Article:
Ask Faith: Help for a pasta-loving parrot and a dog afraid of the car

Brown dog looking out the open window of a red truck
Best Friends co-founder offers advice on how to help an Amazon parrot lose weight and a dog feel more confident on car rides.
By Faith Maloney

Editor’s note: Faith Maloney, one of the founders of Best Friends Animal Society, consults on various aspects of animal care at the Sanctuary. In the early days of Best Friends, she started Dogtown and spent much of the day involved in the direct care and feeding of the animals. She’s also a frequent contributor to Best Friends magazine. The following advice was originally published in her Best Friends column, “Ask Faith.”

What do you feed a parrot who needs to lose weight?

Dear Faith:

Paco, a 42-year-old Amazon parrot, came to live with me at my house. He is somewhat shy, so I’ve been bonding with him by giving him treats. He loves pasta, toast and cashews. I took him to the vet for the first time, and the vet said that Paco is overweight and should be put on a diet. How do I make sure I’m feeding Paco the right food so he loses some weight?

– Doubtful about dieting

 

Dear Doubtful:

Amazon parrots are known for their love of food and, as a consequence, they often become overweight. Years ago, people believed that parrots should be fed a diet of seeds, but new research revealed that seeds are high in fat. In the wild, parrots do eat seeds, but they also burn a lot of fat through flying and foraging. That’s not the case for parrots living in homes.

Companion parrots like Paco require a daily diet consisting of a high-quality pellet food along with a variety of fresh vegetables. Parrots can enjoy human food as treats, but in moderation. Suitable examples are unsalted nuts, plain Cheerios, plain popcorn and noodles. Keep in mind that parrots can become sneaky — refusing their staple diet and holding out for treats.

[Healthy Parrot: Diet, Nutrition, Toxic Foods]

During Paco’s weight loss period, I suggest holding back on the nuts, which (like seeds) are high in fat, and sticking to a healthy diet of pellets, a variety of fresh vegetables and a small amount of fruit. Enjoy your new life with Paco. He will bring you lots of joy and entertainment.

Photo by Molly Wald

Help for a dog who’s afraid to get into the car

Dear Faith:

Earlier this year, I got a seven-year-old goldendoodle from a breeding kennel. Serena is a very gentle soul and won my heart the minute I met her; however, her life in the kennel was very structured and limited. The only time she went for car rides was when she was going to the vet, so she’s extremely fearful about getting into a vehicle. I cannot get her into my van without a struggle. Serena has two major vet appointments coming up, one for teeth extraction and cleaning and the other to be spayed. Do you have any tips on how I can make this a better experience for Serena?

– Hoping for serenity for Serena

 

Dear Hoping:

Many dogs lack positive associations to car rides because when they do go for a drive, it’s to the groomer or veterinarian, outings they may not like. We can help most dogs feel better about car rides by teaching them to associate the car with good things.

[Dog Car Anxiety and Fear of Car Rides]

First, see how close to the car you can get before Serena starts showing signs of fear. Some dogs won’t go near it, others will be fine until the door opens and others will get in, but freak out when the engine starts. Serena’s starting point is the place where she begins to show fear. Follow these steps over a period of days:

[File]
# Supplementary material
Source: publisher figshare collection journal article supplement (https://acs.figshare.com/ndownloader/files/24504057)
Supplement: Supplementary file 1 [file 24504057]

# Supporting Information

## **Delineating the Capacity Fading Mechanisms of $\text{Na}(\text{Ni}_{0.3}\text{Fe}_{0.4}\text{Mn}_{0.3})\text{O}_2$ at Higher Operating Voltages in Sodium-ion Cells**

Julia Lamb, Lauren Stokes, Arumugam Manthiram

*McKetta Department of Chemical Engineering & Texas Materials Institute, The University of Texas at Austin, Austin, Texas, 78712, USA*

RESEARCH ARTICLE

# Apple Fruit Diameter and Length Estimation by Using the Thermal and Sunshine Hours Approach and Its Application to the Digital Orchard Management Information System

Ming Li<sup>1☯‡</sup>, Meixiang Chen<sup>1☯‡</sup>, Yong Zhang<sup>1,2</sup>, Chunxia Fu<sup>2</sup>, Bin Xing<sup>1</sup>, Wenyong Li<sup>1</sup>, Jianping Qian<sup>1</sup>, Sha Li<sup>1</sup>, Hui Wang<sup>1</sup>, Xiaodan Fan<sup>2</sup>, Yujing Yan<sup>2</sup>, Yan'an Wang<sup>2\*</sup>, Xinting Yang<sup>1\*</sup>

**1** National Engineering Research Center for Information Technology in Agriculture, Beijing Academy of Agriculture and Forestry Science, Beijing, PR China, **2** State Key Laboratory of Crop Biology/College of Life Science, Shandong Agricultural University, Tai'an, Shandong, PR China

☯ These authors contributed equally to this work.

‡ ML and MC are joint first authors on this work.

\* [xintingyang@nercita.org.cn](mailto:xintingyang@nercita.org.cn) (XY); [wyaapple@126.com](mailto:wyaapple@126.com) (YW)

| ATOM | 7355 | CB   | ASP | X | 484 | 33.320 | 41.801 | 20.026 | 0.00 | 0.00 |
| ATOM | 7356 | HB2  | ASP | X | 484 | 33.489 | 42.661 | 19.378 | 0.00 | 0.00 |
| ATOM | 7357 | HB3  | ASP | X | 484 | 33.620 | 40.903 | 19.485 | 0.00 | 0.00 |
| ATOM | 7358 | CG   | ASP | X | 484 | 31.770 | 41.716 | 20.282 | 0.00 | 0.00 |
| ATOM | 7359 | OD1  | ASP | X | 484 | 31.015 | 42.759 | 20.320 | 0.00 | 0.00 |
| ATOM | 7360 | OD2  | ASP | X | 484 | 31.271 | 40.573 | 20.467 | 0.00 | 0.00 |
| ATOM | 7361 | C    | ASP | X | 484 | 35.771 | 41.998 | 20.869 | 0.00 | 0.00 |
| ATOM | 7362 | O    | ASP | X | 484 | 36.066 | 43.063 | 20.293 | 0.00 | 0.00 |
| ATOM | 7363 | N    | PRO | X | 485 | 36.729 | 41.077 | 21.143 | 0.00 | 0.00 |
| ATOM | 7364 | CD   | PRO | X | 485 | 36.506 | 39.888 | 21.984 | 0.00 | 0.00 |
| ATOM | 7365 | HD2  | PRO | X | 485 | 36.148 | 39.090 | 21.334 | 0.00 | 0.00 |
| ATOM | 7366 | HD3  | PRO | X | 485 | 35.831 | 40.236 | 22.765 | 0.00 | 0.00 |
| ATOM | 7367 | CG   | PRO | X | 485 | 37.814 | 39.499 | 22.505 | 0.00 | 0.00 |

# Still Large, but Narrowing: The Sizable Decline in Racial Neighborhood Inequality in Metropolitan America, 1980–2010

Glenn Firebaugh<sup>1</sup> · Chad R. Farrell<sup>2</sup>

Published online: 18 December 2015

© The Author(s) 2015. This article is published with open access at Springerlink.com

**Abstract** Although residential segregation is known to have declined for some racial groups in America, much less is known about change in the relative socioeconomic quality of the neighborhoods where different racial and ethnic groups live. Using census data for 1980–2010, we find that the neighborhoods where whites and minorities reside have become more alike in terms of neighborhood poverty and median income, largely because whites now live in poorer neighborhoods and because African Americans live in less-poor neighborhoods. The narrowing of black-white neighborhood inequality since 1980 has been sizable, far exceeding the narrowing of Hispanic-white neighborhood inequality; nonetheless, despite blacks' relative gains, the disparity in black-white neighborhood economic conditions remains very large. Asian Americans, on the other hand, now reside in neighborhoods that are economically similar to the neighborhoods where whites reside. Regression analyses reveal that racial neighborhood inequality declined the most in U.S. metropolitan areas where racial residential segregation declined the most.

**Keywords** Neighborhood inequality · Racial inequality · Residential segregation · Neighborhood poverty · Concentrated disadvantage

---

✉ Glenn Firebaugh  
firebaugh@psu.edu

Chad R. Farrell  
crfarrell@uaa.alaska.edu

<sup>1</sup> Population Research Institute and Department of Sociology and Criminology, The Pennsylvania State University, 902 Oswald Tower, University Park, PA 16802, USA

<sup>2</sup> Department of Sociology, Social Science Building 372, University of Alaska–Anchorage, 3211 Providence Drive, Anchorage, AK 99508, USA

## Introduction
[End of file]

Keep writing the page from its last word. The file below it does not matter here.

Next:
1. Take her to the point where she’s starting to show discomfort. Feed her some treats for a few minutes, then go do something Serena enjoys.
  2. Repeat a while later. When Serena seems less fearful at her starting point, take the next step. For example, if she’s comfortable being near the car, try opening the door and observe her reaction. Give her more treats.
  3. When she’s OK with the door being open, put some treats on the floorboard or seat of the car for her to retrieve, moving the treats farther inside the car as she gets more comfortable.
  4. You might be tempted to close the door as soon as she gets in the car, but that’s not the goal. The goal is for her to feel comfortable and safe. So, practice getting in and out of the car, gradually lengthening the time that she spends in the car. Remember to give treats and praise the whole time.
  5. When Serena is playing the in-and-out game happily, then you can start adding in closing the door.
  6. When you’ve worked up to closing the door without Serena being uncomfortable, walk around and get in the driver’s seat, and turn on the engine. Watch how she reacts. If she shows fear or anxiety, back up to the previous step.
  7. When she’s fine with being in the car with the engine running, take a very short ride. As always, be generous with praise and treats. Lengthen the duration of the rides as Serena becomes more comfortable.

For the car rides, consider getting a LickiMat, a textured flat silicone mat on which you can smear canned dog food or peanut butter so that Serena can enjoy a treat as you drive. Another idea for your first few drives is to take a second person along to keep an eye on her and dole out some treats. Once Serena is riding comfortably in the car, you can try going fun places – to Starbucks for a Puppuccino or to a park for a nice walk.

Would you like Faith’s advice? Email faith@bestfriends.org.

Photo courtesy of Ann Hepworth

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This article originally appeared in Best Friends magazine. You can subscribe to the magazine by becoming a Best Friends member.